Although the film is more than 90 years old, Einhorn was pleased by the suggestion that, in some sense, “Voices of Light” is a collaboration with the filmmaker Dreyer. “I certainly would hope that Dreyer, even if he didn’t like my music, at least he would feel that I had taken the subject of Joan of Arc as seriously as he did.”
To compose the work, the filmmaker immersed himself in the original trial transcripts, which were just published seven years before the movie premiere. And Joan of Arc, too, had just been canonized in 1920 and adopted as the patron saint of France.
Einhorn spent years studying her life. Asked about Joan of Arc, he spoke of her as if she is a friend, calling her simply Joan: “I read thousands and thousands of pages about Joan and I consulted with many, many scholars on various parts of her life.” He also traveled to France and visited her village in the southeast of France and followed in her footsteps, stopping in Orleans and Paris. Upon discovering her hometown church was still standing, he recorded its church bells. That recording is incorporated into every performance of “Voices of Light,” a small touch that connects audiences more directly in Einhorn’s mind to the brave and rebellious saint. “The recorded bells are what Joan heard.”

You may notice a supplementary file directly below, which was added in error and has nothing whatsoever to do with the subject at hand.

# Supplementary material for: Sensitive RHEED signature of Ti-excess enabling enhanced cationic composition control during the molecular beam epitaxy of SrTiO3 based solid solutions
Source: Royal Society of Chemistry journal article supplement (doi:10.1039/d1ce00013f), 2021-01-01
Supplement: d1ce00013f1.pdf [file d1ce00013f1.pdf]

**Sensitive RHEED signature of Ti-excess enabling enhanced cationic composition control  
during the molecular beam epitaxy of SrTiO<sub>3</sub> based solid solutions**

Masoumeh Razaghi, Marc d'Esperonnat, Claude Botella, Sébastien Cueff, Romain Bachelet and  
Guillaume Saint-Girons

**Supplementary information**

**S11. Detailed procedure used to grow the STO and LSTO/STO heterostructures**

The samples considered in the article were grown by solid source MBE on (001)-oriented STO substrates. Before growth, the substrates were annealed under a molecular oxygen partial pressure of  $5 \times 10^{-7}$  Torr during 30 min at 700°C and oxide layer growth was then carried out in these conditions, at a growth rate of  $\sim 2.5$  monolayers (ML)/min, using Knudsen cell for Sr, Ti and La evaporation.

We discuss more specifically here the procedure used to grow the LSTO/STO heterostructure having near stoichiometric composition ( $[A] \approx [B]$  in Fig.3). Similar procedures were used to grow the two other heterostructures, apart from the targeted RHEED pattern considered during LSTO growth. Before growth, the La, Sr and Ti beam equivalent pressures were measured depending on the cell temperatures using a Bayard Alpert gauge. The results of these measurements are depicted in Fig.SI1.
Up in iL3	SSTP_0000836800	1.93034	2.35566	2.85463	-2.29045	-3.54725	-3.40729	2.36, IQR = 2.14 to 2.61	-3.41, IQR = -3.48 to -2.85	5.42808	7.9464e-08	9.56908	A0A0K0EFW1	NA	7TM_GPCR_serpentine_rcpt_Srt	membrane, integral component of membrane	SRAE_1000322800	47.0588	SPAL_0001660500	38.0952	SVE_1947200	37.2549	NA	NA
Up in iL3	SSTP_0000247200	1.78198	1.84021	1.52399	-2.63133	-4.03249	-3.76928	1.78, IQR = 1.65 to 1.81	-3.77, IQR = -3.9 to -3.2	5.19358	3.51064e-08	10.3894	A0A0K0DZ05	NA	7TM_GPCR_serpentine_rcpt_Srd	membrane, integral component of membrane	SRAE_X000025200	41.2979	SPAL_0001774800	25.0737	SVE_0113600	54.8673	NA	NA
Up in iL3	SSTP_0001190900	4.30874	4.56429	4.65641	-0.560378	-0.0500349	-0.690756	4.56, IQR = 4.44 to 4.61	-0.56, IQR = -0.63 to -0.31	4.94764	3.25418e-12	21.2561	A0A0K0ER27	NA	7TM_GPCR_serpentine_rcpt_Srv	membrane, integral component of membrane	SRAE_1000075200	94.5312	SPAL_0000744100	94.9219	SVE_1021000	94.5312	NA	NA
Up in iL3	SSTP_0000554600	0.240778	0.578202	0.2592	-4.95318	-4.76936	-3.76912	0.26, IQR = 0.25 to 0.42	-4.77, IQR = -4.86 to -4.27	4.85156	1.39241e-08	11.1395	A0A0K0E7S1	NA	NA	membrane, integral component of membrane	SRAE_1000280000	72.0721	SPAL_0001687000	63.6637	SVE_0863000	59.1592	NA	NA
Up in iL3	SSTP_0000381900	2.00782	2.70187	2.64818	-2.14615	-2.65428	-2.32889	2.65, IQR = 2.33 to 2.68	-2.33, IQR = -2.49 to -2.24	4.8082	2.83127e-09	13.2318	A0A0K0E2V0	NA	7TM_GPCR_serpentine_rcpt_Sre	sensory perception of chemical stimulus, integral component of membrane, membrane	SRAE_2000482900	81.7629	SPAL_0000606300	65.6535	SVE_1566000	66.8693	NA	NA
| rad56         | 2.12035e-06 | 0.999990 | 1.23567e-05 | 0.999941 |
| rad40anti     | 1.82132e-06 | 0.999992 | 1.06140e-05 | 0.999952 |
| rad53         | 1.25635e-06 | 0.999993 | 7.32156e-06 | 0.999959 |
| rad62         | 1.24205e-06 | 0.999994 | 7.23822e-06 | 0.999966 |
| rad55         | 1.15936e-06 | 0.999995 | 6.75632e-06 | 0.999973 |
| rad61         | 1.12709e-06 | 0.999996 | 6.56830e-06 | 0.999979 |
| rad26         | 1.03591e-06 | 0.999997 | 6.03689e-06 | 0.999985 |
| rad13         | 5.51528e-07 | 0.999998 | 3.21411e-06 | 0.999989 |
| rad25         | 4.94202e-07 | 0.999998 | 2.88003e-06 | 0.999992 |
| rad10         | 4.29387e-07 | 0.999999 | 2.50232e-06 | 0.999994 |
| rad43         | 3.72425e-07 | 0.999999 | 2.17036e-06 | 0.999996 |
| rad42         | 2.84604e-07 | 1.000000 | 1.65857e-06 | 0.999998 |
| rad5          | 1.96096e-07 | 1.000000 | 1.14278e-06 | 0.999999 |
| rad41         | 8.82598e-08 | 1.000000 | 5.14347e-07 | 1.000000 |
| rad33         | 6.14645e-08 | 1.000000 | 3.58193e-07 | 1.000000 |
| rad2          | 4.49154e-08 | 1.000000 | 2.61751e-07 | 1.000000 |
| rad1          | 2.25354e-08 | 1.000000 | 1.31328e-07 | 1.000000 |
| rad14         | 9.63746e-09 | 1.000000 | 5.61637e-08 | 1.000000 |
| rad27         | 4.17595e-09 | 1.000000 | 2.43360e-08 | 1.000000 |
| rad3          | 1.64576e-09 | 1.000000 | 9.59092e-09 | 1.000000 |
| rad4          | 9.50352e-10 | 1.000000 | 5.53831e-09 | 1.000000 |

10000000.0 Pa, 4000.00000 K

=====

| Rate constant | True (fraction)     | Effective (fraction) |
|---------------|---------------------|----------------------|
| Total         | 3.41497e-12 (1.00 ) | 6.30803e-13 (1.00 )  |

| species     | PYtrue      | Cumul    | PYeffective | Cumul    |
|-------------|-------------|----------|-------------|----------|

Einhorn found Joan of Arc’s life to be a rich and inspirational example of how to deal with religion, but not necessarily theological issues. “She’s Catholic, but doesn’t fit into the mold in the typical way that religious subjects are talked about in the United States,” he said. “Joan was perfect as a subject. No matter what you do with Joan, she completely breaks the mold — totally. You say Joan of Arc heard voices. Well, then she’s a schizophrenic. But not quite, because there aren’t that many schizophrenics who are functional enough to lead armies into battle and also plan the way that Joan planned.”